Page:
- Recurrent Neural Networks (RNNs): A type of neural network designed to handle sequential data, such as time series or text data.
- Generative Adversarial Networks (GANs): A type of machine learning model in which two neural networks are trained to generate and discriminate between synthetic and real data.
- Reinforcement Learning: A type of machine learning where an agent learns to make decisions by interacting with an environment and receiving feedback in the form of rewards or penalties.
- Bias-Variance Trade-off: A concept in statistical learning that refers to the balance between the model’s ability to fit the training data (bias) and its ability to generalize to unseen data (variance).
- Overfitting: A phenomenon in statistical learning where a model fits the training data too well, resulting in poor generalization performance on unseen data.
- Regularization: A technique used in statistical learning to prevent overfitting by adding a penalty term to the objective function to discourage complex models.
- Cross-Validation: A technique used in statistical learning to evaluate the performance of a model by dividing the data into training and validation sets and using the validation set to estimate the model’s generalization performance.
- Confusion Matrix: A table used to evaluate the performance of a classification model, where the true and predicted classes are compared to compute measures such as accuracy, precision, recall, and F1-score.
- ROC Curve: A plot used to evaluate the performance of a binary classification model, where the true positive rate is plotted against the false positive rate for different thresholds.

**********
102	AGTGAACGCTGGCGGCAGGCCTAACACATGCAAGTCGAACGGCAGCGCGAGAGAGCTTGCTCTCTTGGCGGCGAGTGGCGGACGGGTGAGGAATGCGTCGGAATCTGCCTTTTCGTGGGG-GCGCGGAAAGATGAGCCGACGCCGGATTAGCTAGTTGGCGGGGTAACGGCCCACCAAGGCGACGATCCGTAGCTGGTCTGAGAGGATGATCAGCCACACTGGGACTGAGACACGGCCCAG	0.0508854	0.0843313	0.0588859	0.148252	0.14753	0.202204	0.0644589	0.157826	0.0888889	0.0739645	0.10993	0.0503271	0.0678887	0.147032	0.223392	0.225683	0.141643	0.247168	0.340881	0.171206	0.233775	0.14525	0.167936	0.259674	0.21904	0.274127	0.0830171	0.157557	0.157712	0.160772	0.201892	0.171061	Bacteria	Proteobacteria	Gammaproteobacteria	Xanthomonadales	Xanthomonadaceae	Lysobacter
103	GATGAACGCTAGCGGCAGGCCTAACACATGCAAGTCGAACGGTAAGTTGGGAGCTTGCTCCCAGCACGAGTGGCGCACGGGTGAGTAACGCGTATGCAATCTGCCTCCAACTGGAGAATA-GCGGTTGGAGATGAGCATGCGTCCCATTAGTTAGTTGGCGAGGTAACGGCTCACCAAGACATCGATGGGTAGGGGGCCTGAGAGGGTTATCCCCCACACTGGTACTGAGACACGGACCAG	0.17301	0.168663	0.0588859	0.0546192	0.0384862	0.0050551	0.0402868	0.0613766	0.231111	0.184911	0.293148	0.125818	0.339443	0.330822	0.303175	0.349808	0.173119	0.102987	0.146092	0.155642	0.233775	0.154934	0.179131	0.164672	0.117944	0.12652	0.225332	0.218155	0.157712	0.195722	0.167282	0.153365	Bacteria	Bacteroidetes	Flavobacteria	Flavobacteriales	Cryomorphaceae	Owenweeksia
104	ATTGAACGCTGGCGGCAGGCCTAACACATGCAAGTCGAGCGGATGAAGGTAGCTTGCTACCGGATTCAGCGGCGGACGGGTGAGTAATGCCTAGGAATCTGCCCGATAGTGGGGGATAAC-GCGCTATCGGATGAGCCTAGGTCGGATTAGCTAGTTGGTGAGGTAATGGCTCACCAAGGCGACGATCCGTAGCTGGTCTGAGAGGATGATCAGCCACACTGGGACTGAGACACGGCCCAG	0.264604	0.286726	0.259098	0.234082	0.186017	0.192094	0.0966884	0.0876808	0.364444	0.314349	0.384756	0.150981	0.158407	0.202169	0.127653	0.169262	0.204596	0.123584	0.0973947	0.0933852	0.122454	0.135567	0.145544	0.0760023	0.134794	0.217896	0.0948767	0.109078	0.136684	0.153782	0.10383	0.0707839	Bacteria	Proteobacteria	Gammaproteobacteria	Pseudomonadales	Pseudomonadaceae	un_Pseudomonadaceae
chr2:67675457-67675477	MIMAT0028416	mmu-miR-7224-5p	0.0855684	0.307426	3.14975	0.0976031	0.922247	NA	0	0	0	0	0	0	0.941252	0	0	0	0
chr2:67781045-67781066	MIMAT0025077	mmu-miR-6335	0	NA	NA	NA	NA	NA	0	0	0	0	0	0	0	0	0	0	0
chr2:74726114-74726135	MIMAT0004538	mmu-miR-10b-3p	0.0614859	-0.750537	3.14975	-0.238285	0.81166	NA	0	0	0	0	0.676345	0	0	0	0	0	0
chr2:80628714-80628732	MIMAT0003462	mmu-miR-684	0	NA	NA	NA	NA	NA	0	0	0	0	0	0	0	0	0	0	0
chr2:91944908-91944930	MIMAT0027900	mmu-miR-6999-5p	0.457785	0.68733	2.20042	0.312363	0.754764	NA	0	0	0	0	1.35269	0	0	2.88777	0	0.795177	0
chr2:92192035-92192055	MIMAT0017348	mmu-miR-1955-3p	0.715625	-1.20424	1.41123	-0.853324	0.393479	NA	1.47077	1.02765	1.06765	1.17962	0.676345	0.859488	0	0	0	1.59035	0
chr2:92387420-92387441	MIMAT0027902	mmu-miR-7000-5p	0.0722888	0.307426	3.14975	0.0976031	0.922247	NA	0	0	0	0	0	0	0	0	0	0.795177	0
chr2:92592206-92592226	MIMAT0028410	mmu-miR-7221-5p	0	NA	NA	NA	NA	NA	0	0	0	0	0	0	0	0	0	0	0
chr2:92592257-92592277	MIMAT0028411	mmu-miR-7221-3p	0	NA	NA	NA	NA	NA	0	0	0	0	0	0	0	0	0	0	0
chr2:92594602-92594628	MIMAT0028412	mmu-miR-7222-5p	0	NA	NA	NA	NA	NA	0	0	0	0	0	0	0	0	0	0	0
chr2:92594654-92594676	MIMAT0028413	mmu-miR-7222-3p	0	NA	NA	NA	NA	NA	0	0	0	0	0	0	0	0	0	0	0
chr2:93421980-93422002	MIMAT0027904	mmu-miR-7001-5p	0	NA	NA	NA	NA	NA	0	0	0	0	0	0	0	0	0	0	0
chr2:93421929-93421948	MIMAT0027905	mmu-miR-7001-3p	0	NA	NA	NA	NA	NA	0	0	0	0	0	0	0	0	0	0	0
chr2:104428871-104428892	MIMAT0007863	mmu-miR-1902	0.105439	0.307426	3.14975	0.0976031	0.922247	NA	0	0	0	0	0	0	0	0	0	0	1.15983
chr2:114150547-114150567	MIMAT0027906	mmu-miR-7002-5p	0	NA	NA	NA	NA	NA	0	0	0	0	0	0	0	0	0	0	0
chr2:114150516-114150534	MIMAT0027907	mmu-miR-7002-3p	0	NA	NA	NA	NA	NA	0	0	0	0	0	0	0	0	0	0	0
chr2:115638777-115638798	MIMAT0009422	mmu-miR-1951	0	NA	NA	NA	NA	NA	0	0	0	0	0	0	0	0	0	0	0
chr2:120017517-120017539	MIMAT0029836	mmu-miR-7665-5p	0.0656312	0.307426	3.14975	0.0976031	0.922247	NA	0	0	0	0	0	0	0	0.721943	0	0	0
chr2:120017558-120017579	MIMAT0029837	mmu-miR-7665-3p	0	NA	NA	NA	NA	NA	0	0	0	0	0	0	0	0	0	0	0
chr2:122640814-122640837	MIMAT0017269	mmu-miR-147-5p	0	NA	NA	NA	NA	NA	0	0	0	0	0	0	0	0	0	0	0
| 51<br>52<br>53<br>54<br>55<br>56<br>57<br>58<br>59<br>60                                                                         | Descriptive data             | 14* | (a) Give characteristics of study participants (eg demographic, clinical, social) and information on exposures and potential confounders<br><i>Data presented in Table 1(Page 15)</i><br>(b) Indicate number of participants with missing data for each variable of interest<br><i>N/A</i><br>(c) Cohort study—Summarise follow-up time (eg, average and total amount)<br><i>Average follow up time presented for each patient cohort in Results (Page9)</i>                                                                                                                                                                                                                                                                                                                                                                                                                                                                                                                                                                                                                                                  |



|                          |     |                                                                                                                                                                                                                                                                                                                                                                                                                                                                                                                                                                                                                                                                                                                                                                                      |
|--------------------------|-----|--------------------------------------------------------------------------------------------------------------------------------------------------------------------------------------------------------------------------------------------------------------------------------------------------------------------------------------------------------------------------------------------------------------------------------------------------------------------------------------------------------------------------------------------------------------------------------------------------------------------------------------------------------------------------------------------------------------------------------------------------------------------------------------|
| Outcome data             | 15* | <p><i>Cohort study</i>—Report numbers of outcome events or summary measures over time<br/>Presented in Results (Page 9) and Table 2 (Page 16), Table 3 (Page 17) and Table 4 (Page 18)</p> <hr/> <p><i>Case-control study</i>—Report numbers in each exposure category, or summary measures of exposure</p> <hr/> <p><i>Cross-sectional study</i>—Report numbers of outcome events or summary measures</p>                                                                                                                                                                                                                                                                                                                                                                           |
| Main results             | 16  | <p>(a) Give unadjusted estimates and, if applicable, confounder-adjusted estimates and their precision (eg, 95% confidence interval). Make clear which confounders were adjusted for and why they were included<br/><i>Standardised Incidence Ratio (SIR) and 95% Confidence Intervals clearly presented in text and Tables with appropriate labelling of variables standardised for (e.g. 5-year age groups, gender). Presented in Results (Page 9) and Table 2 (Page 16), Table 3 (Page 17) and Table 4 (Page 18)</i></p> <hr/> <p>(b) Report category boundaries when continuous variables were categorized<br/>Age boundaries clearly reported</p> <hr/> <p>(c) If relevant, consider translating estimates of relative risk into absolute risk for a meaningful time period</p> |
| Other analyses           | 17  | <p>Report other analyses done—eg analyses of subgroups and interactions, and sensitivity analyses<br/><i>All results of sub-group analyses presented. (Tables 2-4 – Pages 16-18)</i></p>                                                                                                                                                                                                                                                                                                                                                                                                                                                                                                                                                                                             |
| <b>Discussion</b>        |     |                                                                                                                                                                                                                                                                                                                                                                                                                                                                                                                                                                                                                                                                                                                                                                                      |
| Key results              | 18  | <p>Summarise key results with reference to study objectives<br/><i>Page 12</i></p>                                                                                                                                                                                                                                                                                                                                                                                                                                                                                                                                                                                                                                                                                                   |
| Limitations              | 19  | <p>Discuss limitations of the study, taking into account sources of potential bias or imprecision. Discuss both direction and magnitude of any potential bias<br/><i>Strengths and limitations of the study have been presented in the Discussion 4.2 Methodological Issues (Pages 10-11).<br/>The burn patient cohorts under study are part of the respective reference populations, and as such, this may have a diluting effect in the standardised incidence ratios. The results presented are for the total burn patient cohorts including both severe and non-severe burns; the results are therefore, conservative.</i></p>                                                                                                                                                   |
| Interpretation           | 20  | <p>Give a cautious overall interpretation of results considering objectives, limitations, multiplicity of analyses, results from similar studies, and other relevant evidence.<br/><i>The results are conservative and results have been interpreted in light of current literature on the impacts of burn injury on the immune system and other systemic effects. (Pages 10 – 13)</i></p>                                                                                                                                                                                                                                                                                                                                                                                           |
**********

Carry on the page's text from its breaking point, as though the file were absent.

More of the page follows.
- Maximum Likelihood Estimation: A method for finding the parameter values that maximize the likelihood function, which represents the probability of observing the data given a set of parameters.
- Bayesian Inference: A method for updating beliefs or probabilities based on new data, using Bayes’ theorem, which relates the prior probability to the likelihood and the posterior probability.
- Hierarchical Modeling: A type of statistical modeling where multiple levels of data are modeled, such as individuals within groups, or groups within regions.
- Latent Variables: Unobserved or hidden variables in a statistical model, which are inferred from observed data.
- Time Series Analysis: A statistical method used to analyze and model data that is collected over time, such as sales, stock prices, or weather data.
- ARIMA Model: A type of time series model that uses autoregression, differencing, and moving average components to model the data.
- Exponential Smoothing: A method used to smooth time series data by combining the current observation with an exponentially-weighted average of past observations.
- State Space Model: A type of statistical model used to describe a system in terms of its state variables, which are unobserved, and its observation variables, which are observed.
- Kalman Filter: A method used to estimate the state of a system using a sequence of observations and a state space model.
- Particle Filter: A method used to estimate the state of a system using a set of particles, which represent possible states, and a likelihood function, which assigns probabilities to the particles based on the observations.
- Monte Carlo Simulation: A method for approximating solutions to complex problems by generating random samples and estimating the expected outcomes based on the statistics of the samples.